By Jim Wright
Octopussy and The Living Daylights (1966), the last of Ian Fleming’s 14 novels and short story collections, is often considered the least of the lot. After all, the first edition weighs in at just 95 pages, and the title seems increasingly off-putting.
That’s a shame because the two short stories of the title are first-rate. What’s more, because the print run was large and the collection is the most recent of the Fleming books, it is the one 007 first edition still within reach of many collectors.
The Jonathan Cape first edition in fine condition, complete with dust jacket, can still be purchased for under $200. Here’s a closer look at that classic Richard Chopping dust jacket — and a couple of later Octopussy front covers.
Chopping’s front-cover illustration fits well with his other Fleming work. It features a scorpionfish out of water, a conch shell, 11 house flies and an underlying sense of the macabre.
Like a few other Chopping covers, it avoids any obvious reference to the book’s title. (Most later editions’ cover feature octopus’s tentacle or two.) Instead, Chopping opts to illustrate the true predator of the story, a scorpionfish that the story calls “the only real danger to the reef swimmer, far more dangerous than the barracuda or the shark.”
Although Fleming identified the fish as a Scorpaena plumieri (spotted scorpionfish), Ichthyologist Mark Sabaj Pérez of the Academy of Natural Sciences in Philadelphia (ANSP) says it’s likely that Chopping adapted the engraving of a black scorpionfish from The Naturalist’s Miscellany, published in 1810.
What appears at first glance to be a conch shell on the dust jacket is actually “a slightly fanciful rendering of the Horned Murex, Bolinus cornutus,” says ANSP malacologist Paul Callomon. A Horned Murex, it turns out, is a predatory sea snail that secretes a purple dye to defend itself or to prey on other invertebrates. It is a distant cousin of … an octopus. Fleming would have loved it.
While the conch shell remains something of a mystery, Chopping clearly also had flies on the brain while working on the cover. The previous year his dust jacket for The Man With the Golden Gun included two flies, and Chopping’s own novel, The Fly, was published as well. It features — what else? — a close-up of a fly, landing on a human’s eyeball. (The title page features the phrase lasciate ogni speranza voi ch’entrate — Latin for “Abandon hope all ye who enter here,” not the typical entree into a book. But I digress.)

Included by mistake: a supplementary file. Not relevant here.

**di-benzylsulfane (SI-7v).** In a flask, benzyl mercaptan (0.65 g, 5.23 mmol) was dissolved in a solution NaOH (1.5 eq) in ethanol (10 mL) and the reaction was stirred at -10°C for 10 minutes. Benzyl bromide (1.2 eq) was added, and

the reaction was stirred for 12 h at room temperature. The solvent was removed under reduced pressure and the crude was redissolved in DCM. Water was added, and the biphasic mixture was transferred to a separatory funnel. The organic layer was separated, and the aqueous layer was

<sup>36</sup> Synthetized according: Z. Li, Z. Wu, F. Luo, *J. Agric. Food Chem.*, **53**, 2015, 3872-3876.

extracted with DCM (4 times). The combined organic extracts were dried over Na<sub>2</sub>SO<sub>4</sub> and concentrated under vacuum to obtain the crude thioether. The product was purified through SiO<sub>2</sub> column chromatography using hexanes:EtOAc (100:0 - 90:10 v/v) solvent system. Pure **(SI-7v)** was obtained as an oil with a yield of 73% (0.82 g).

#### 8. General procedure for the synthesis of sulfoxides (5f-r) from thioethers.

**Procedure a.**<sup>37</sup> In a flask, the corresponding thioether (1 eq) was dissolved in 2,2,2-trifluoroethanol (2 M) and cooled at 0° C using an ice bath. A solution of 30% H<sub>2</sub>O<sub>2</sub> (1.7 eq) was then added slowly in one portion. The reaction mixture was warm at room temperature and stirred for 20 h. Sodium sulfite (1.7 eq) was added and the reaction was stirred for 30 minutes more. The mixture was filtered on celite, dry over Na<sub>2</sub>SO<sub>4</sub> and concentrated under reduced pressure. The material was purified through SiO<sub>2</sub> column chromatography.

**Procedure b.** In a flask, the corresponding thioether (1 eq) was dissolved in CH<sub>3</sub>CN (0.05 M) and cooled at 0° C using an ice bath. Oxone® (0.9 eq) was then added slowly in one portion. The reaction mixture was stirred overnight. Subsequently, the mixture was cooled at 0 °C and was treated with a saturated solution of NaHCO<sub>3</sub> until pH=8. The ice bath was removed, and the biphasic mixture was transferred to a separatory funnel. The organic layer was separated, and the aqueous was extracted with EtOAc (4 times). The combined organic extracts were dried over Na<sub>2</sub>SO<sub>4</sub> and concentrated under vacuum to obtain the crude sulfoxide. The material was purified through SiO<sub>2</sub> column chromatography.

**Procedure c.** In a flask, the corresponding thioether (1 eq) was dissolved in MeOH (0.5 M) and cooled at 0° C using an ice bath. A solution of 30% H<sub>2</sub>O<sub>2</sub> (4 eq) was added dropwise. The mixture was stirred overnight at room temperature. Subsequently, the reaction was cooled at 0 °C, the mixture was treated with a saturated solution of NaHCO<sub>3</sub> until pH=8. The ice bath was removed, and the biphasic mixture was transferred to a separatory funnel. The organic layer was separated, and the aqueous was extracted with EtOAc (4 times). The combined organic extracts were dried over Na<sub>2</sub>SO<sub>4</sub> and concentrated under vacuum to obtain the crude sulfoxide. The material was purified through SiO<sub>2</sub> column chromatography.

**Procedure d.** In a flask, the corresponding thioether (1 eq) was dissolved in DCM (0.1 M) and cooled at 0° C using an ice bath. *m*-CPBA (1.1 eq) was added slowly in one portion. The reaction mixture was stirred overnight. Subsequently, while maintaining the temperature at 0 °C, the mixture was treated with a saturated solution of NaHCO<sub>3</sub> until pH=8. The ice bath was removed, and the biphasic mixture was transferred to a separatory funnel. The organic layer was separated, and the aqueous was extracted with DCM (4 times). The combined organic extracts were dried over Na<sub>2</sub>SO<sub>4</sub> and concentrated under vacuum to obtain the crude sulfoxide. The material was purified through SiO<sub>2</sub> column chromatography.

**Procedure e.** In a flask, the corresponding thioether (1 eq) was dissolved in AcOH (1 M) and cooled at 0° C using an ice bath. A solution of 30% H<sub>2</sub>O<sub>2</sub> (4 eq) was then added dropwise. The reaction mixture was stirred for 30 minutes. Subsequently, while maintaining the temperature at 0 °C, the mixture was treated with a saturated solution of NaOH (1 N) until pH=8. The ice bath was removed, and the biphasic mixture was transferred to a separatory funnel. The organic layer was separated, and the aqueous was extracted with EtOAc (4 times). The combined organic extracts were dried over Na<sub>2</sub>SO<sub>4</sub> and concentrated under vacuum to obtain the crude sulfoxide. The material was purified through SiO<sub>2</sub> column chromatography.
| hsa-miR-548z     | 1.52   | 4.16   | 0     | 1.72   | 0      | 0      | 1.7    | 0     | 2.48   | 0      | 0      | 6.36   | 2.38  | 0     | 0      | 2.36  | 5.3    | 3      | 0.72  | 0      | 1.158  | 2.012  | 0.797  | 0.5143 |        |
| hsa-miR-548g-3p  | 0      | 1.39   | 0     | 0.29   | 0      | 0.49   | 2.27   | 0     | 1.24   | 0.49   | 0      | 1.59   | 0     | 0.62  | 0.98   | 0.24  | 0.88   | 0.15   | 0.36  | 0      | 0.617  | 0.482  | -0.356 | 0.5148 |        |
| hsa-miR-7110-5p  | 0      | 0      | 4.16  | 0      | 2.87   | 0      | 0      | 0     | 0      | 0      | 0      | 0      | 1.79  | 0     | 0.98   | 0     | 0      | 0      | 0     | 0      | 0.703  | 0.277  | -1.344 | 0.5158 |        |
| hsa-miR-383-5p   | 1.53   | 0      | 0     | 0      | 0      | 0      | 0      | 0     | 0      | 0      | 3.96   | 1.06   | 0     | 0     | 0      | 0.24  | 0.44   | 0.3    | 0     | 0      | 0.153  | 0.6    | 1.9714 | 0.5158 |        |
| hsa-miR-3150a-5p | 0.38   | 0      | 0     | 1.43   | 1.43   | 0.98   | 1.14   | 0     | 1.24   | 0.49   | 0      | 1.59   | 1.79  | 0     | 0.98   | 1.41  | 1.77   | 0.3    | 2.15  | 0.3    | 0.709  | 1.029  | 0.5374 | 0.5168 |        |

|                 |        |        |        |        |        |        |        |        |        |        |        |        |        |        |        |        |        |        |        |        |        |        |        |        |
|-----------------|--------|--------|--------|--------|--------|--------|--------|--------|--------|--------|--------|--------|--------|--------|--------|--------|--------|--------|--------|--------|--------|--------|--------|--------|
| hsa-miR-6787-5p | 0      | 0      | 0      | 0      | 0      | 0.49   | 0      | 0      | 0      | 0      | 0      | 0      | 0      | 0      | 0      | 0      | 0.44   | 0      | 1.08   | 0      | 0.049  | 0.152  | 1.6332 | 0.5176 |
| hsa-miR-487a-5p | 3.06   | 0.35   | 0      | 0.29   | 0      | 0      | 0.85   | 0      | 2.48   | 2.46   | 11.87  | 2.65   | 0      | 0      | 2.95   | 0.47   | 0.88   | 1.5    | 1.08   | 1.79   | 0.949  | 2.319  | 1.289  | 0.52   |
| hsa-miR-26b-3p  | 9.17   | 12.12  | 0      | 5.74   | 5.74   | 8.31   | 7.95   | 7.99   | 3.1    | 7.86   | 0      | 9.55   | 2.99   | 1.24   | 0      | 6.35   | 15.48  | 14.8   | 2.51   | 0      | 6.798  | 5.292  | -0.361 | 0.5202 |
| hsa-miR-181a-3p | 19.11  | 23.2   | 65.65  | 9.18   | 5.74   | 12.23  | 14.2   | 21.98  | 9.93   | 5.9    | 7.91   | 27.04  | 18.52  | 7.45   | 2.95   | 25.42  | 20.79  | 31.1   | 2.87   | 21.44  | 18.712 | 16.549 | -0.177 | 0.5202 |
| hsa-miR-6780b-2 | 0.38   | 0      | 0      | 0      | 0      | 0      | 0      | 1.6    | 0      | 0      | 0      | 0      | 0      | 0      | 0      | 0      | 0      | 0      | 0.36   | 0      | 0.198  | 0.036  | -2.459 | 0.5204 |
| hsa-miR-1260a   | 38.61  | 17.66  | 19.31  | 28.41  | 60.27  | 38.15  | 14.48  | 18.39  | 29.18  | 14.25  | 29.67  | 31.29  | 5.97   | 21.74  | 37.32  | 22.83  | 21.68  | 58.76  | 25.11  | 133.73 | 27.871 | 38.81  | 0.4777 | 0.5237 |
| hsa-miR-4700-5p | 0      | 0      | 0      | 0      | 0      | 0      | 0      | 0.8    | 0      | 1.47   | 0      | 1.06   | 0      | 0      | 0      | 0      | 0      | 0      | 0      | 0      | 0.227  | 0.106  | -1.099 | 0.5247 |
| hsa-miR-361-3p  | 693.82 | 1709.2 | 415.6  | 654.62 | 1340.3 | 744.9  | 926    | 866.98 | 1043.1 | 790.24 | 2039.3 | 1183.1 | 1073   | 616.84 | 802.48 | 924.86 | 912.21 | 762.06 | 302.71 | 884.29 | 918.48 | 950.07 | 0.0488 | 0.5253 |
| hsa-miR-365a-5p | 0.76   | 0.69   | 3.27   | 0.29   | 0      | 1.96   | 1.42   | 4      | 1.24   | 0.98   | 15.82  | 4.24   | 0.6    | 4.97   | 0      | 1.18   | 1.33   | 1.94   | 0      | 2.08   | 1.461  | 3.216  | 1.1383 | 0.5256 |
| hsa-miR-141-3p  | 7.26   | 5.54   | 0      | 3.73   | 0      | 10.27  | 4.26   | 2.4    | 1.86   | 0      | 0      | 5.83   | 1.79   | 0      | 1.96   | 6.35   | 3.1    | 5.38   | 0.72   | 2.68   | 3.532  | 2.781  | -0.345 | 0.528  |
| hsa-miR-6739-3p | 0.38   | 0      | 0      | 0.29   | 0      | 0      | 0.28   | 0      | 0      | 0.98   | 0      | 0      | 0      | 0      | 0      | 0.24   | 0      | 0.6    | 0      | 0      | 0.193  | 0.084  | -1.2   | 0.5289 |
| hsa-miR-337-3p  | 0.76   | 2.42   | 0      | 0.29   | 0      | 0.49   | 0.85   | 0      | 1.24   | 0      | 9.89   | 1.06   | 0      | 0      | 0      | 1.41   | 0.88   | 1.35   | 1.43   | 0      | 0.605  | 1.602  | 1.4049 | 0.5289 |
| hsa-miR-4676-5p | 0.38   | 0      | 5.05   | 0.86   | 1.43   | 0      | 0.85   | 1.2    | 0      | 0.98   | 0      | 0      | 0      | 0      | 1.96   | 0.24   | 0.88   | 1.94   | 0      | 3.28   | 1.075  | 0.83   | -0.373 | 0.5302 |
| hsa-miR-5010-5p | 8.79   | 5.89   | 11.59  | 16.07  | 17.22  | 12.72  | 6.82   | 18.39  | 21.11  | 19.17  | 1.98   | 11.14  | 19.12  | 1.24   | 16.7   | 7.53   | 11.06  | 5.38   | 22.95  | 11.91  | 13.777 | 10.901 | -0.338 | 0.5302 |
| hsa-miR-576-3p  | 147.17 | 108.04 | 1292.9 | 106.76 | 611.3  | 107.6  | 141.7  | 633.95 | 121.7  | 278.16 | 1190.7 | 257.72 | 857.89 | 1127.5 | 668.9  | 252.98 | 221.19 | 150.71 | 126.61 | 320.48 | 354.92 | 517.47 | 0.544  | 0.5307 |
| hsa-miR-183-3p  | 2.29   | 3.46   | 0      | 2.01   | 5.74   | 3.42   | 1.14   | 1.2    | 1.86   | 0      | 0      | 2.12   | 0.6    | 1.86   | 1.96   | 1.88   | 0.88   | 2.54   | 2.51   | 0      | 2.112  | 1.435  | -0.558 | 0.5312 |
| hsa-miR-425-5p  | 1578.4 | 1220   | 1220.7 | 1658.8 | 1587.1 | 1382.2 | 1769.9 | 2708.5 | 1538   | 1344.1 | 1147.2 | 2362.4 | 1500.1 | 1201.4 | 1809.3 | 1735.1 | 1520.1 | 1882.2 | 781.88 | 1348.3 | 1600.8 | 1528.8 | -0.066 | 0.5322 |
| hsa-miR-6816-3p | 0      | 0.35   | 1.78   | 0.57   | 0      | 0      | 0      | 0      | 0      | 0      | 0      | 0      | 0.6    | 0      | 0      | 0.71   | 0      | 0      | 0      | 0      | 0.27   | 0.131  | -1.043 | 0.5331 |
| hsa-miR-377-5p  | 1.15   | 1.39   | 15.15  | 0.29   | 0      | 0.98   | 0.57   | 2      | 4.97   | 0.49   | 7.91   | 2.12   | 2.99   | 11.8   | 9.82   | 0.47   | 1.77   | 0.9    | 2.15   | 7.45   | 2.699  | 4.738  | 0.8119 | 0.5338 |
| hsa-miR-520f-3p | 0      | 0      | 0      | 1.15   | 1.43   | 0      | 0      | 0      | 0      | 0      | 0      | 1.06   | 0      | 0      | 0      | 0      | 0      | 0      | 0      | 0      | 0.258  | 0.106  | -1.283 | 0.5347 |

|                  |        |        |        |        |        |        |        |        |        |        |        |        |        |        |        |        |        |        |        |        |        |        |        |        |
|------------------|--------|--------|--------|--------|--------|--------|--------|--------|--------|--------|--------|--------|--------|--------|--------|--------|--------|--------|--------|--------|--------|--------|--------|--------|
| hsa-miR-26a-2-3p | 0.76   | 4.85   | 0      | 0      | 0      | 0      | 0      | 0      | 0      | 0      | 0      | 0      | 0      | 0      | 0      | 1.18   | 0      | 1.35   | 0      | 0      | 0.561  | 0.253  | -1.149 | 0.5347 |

Chopping’s dustjacket is eye-catching, but the cover of the 1967 Pan paperback edition by Raymond Hawkey just might be the piece de la resistance: a Red Admiral butterfly perched on a bar of bullion. The butterfly has the heft of a penny and lives up to 10 months. The bar of gold is 26 pounds of dead weight and — like a diamond — is forever. What could be more disparate?
Since I could find no mention of a Red Admiral or any other butterfly in the story, I chalked it up to the illustrator’s creative imagination, a step behind Chopping’s predatory sea snail.
I did wonder, however, if the Red Admiral might be a tribute to one of the legendary 007 dust jacket illustrators, Richard Chopping. After all, Chopping wrote and illustrated a modest paperback called Butterflies in Britain. On the cover: What Else? A Red Admiral butterfly.
Red Admirals can be found in Europe, the United States, Europe and elsewhere. Although they have been known to land gently on humans, they have a sinister nickname.
As author and butterfly expert Vladimir Nabokov once explained, “Great numbers of [Red Admirals] migrated from Africa to Northern Russia, where it was called ‘The Butterfly of Doom’ because it first appeared in 1881, the year Tsar Alexander II was assassinated, and the markings on the underside of its two hind wings seem to read ‘1881’.”
A 1996 Coronet edition with a cover illustration by Bill Gregory included a swastika moulded into the gold bullion, perhaps another symbol of doom. The illustrator also did away with the Red Admiral and added two fanciful blue tropical fish and the shadow of an octopus’ tentacle — not quite as riveting.
“Octopussy” and another Fleming fish story, “The Hildebrand Rarity,” bring to mind the late ornithologist James Bond of the ANSP. Like 007, the real Bond (1900-1989) was not a marine biologist but did act in that capacity.
In the film “The Spy Who Loved Me,” the secret agent posed as a marine biologist — “Sterling… Robert Sterling” — to investigate Karl Stromberg, who was stealing nuclear submarines in his quest for world domination. “Where there’s an ocean, a marine biologist is never on holiday,” observed Sterling/Bond.
The real Bond (1900-1989), the noted ornithologist and author of Birds of the West Indies, played marine biologist for the ANSP on occasion. For example, he collected a scorpionfish (similar to the one mentioned in “Octopussy”) in the Dominican Republic in 1928 — 15 years before Ian Fleming set foot in the region. Bond also collected three other fish mentioned in “Octopussy”: a butterfly fish in St. Lucia in 1927 and a needlefish and parrotfish in Grenada in 1929.No record of the real Bond collecting any octopuses or Nazi bullion — although Emmet Blake, of Chicago’s Field Museum, who was one of Bond’s ornithological colleagues and who worked as a spy for the United States during World War II, did track down a truckload of Gestapo-held gold bullion in Bavaria.
Jim Wright is the author of The Real James Bond, from Schiffer Publishing. He often gives talks about Bond, 007, Ian Fleming and unlikely spies. He writes about natural history often.
Ian Fleming Publications Ltd (UK) owns and administers the literary copyright on Fleming’s fiction and non-fiction books. The excerpt from “Octopussy” is reproduced here for educational purposes only.